For example, a warehouse currently required to deliver out a daily tonnage of 3,000 tonnes would, under the proposal, need to load out at least 1,500 tonnes per day more than it loads in. Additionally, if the current load-in rate of an affected warehouse exceeds the minimum load-out rate, then the warehouse would be required to deliver out tonnage equal to that excess.

The LME has also agreed to further enhance the existing physical network in a number of ways. The LME will commission a full external logistical review of LME warehousing to address issues raised regarding reasonable operational expectations and requirements, and also to review its warehousing agreement.

In addition, the LME will create a new Physical Market Committee to provide the physical community with enhanced representation in the LME’s governance structures. The LME’s warehousing system will continue to be reviewed every six months and the new committee will play a substantial role in this process.

Alongside these measures, the LME has committed to reaffirm its policy on information barriers by informing the market on an annual basis once it has received the third party audits carried out on warehouse operators who are required to have information barriers in place, and identifying any general issues that may arise from this process. The LME also plans to investigate the viability of introducing products linked to premium price discovery and hedging, although such products are seen as complementary to the new policy targeting queues.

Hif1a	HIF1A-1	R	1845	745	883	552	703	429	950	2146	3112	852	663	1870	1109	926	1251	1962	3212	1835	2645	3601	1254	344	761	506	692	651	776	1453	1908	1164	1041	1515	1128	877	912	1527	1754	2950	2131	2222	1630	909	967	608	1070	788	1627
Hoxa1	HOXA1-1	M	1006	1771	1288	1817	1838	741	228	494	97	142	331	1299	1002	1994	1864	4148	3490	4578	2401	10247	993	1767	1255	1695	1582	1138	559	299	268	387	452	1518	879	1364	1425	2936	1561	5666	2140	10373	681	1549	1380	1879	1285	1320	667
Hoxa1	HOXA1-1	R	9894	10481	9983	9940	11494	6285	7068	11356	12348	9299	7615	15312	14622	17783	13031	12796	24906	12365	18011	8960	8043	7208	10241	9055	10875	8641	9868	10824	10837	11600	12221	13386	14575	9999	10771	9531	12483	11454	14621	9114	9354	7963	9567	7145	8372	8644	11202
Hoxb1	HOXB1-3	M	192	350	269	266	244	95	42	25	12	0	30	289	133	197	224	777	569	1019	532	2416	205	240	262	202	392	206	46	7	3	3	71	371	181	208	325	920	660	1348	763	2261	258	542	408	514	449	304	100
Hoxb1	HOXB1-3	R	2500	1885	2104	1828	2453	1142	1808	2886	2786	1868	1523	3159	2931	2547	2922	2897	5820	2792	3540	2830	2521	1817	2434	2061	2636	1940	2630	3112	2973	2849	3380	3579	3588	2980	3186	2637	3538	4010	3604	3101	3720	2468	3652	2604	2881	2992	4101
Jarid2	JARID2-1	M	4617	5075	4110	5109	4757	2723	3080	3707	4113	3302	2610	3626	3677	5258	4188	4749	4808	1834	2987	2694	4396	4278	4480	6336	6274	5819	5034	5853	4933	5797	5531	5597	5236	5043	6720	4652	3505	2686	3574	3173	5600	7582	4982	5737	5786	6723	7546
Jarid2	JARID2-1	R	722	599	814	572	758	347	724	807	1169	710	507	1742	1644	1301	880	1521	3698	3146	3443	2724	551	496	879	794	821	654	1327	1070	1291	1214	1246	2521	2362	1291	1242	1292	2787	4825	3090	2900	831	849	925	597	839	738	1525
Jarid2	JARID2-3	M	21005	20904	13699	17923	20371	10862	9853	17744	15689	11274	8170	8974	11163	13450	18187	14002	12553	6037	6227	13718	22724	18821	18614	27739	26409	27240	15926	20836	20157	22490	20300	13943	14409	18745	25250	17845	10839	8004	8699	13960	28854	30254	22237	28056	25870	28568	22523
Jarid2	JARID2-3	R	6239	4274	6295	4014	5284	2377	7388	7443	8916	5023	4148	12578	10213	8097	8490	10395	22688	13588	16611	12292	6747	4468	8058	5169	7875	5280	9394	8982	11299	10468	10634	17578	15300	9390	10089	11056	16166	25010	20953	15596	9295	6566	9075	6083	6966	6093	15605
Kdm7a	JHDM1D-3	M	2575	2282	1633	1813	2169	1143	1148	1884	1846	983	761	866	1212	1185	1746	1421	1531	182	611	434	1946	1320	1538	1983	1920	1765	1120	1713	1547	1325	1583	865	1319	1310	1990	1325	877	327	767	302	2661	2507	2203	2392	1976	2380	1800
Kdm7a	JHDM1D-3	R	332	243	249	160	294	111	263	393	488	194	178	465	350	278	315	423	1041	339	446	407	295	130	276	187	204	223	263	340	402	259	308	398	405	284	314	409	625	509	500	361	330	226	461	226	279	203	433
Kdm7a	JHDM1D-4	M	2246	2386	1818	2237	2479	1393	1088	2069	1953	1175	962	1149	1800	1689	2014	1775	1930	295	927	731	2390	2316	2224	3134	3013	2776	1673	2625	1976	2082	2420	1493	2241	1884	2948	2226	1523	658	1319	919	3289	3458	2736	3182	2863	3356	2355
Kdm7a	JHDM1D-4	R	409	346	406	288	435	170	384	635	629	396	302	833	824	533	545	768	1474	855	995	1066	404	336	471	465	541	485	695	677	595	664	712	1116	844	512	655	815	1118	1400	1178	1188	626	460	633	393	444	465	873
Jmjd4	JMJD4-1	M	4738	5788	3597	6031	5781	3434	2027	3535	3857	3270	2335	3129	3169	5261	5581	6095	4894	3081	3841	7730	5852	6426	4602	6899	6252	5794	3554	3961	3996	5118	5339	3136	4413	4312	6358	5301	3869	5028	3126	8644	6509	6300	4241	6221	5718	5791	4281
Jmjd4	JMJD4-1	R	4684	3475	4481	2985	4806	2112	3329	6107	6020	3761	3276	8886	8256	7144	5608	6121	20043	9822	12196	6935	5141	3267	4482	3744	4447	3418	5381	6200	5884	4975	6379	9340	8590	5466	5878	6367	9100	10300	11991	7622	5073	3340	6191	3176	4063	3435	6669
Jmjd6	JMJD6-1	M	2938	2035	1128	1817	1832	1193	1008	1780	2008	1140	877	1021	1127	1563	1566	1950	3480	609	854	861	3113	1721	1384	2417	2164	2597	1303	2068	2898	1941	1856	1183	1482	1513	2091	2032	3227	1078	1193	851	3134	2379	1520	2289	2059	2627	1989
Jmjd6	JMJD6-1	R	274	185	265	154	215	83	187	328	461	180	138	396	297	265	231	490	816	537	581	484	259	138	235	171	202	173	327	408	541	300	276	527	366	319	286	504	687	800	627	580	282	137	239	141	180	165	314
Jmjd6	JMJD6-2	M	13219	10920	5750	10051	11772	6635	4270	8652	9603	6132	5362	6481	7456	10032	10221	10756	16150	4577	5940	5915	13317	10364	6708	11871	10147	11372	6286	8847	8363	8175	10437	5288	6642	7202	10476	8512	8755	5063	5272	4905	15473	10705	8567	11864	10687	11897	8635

The LME intends to provide new delayed data on a per-warehouse basis and, separately, to look at publishing a “commitment of traders” report in response to market demand.

While the implementation of certain elements of the new rules will require further discussion with warehouse companies in accordance with the terms of the warehouse agreement, it is not anticipated that this will delay implementation as planned on 1 April 2014.

The LME will update the market about the additional proposals and reviews as and when further progress has been made.

Notes to editors

The related documents referred to in this release can be found here: http://www.lme.com/warehouseconsultation  

Contact details

For further information or to speak to an LME spokesperson, please contact:

Miriam Heywood
+44 (0)207 264 5538
miriam.heywood@lme.com  

Kathy Alys
+44 (0)207 423 5803
kathy.alys@lme.com

About the London Metal Exchange

The London Metal Exchange, a member of HKEx Group, is the world centre for industrial metals trading.

More than 80% of global non-ferrous metals business is conducted on our three trading platforms: LMEselect (electronic), the Ring (open outcry) and the 24-hour telephone market. The world’s metal community uses the LME to trade futures, options, and our latest contract, LMEswaps, to hedge against adverse price movements – prices which are discovered on our markets and used as the global reference.

Participants can trade aluminium, copper, tin, nickel, zinc, lead, molybdenum, cobalt, steel billet and two regional aluminium alloy contracts. In 2013, 171.1 million lots were traded on the LME, the equivalent of 4.0 billion tonnes and $14.6 trillion in notional value.

At the close of the year, 7.4 million tonnes of material was held on LME warrant in 732 storage facilities across 37 locations internationally.